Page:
top of page

Beyond Computation: Why AI-Generated Art Lacks the Spiritual Essence of Art

Theology and Art

This blog is a shorter simpler version of my recently published journal article.

The recent development of AI-generated art in the digital world is nothing short of impressive! Yet, it lacks one thing, the human ability to contemplate the meaning of life, the spiritual and the transcendent, and communicate that in a deeply human way. So, what are we to make of this art form that produces, at least in some ways, better art than humans but lacks spiritual dimension?

Open-source AI-generated art programs, include DALL-E 2, MidJourney, NightCafé, and others. To get any of these programs to produce truly exceptional pieces, you would need to know how to write detailed text prompts, presumably with some knowledge of art and art styles. These prompts then create images that are both complex and realistic. One can also get these programs to spit out images in a specific artistic style, like Impressionism or Surrealism for example. Kevin Roose explains how this works in layman’s terms, it works by “scraping millions of images from the open web, then teaching algorithms to recognize patterns and relationships in those images and generate new ones in the same style.”[1] This begs the obvious question, is this kind of art computation or creativity, and if it’s computation, should we call it imaging, rather than art? There are copyright and plagiarism questions as well, but that’s for another discussion.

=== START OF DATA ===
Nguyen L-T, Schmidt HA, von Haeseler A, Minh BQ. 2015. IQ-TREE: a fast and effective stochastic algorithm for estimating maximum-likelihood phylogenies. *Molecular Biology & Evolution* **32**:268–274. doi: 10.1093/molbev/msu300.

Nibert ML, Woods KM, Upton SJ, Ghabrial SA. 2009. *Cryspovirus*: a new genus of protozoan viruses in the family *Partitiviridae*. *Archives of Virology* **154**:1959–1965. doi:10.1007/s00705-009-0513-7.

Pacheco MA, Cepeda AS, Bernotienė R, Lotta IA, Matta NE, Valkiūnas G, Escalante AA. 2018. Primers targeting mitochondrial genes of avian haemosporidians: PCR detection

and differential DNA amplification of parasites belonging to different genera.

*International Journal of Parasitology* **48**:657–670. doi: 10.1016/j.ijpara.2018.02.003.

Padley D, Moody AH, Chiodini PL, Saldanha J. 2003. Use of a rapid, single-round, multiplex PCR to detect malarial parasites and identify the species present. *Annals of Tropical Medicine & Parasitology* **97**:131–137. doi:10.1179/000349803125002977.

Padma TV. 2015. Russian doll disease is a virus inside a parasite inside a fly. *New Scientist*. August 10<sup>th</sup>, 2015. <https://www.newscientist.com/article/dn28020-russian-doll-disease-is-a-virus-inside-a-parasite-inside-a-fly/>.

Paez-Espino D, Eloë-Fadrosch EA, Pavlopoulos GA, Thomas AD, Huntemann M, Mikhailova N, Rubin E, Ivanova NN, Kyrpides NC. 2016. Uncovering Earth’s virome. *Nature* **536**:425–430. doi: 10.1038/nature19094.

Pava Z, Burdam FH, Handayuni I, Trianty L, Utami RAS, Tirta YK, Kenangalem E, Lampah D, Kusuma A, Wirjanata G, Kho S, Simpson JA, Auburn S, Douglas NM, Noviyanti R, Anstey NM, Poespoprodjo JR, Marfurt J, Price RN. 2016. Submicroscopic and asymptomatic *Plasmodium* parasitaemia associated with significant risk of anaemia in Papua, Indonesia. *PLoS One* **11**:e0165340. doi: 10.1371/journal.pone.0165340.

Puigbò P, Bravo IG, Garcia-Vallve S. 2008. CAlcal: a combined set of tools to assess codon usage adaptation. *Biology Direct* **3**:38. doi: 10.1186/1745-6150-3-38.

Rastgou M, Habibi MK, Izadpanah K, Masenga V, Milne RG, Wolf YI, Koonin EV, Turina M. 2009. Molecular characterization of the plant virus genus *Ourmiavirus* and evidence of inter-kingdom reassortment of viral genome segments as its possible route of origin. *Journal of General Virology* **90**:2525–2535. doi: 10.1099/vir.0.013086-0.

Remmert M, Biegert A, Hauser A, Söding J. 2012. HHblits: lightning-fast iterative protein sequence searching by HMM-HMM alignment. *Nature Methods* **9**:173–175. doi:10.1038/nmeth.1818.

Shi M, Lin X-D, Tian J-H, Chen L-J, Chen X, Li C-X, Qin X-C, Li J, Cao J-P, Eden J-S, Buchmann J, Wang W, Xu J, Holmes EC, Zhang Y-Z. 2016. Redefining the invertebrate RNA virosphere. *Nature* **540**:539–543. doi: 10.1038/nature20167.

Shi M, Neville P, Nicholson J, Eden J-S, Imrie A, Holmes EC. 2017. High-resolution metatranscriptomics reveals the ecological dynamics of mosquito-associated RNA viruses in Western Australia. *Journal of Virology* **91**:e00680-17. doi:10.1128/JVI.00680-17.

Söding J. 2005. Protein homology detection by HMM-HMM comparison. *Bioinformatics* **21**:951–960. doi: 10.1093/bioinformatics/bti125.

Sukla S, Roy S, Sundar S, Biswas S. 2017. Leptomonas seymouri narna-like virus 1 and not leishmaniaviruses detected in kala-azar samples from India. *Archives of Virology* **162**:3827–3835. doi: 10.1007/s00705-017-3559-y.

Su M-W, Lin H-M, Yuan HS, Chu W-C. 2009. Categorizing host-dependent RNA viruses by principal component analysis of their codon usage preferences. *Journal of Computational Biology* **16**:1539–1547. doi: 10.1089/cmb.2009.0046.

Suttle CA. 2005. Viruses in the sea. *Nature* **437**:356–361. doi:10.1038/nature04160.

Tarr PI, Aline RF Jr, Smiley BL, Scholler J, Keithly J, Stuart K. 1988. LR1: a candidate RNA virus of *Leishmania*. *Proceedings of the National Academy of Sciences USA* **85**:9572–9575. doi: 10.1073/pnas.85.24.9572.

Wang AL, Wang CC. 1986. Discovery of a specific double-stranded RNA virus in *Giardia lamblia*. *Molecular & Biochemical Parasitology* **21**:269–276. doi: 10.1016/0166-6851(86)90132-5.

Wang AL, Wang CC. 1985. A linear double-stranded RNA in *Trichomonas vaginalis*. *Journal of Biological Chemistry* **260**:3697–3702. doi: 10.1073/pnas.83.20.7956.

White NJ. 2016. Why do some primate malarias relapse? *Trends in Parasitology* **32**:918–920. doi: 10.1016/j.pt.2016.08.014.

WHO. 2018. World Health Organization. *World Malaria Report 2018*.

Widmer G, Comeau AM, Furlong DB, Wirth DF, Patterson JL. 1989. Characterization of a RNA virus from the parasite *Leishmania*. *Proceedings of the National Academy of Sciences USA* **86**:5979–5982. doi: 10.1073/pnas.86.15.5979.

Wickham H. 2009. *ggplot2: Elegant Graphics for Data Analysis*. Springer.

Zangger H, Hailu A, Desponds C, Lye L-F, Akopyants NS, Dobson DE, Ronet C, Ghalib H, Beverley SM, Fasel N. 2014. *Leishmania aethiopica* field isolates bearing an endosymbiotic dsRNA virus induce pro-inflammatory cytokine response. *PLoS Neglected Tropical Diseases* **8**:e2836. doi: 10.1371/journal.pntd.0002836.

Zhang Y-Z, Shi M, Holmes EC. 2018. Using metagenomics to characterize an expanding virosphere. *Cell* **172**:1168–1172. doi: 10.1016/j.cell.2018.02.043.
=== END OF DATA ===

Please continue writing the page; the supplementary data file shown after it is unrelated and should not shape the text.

To answer the question about whether AI-generated art ought to be considered a genuine artistic expression, I found the writings of Dietrich von Hildebrand on Aesthetics particularly helpful. He wrote two hefty volumes on beauty and aesthetics, the first volume was about being in beauty, in nature, and the life of a human person. Here he offers a philosophical exploration of the value of beauty. In the second volume, he looks at aesthetics and beauty in artistic disciplines, like painting, architecture, sculpture, music, writing, and so on.

Von Hildebrand developed the idea of the first and second powers of beauty. It’s simpler than it seems. The first power refers to how we engage with art and beauty with our natural senses, like sight, hearing, smell, and touch. In other words, how do our sensory stimuli help us respond to beauty with experience and emotion? The second power is spiritual. Here, beauty transcends our being and moves beyond our sensory abilities. This power evokes in us a sense of awe, wonder, and contemplation. It points beyond itself towards something other, something transcendent. We have all experienced this whether it be in artistic expression or in nature. The last time I experienced the second power was a few weeks ago when I watched little Malakai Bayoh sing “Pie Jesu” on Britain’s Got Talent. You can watch it here. The second power enchants and captivates us, it moves us towards something greater than ourselves. It is simply sublime and positions us before the face of God, so to speak. Von Hildebrand lists five values of the second power, they are:

1. Beauty reveals God. Beauty reflects the infinite divine beauty of God and his creative power. It tells us something about who he is. Our spiritual person is developed when we experience such beauty.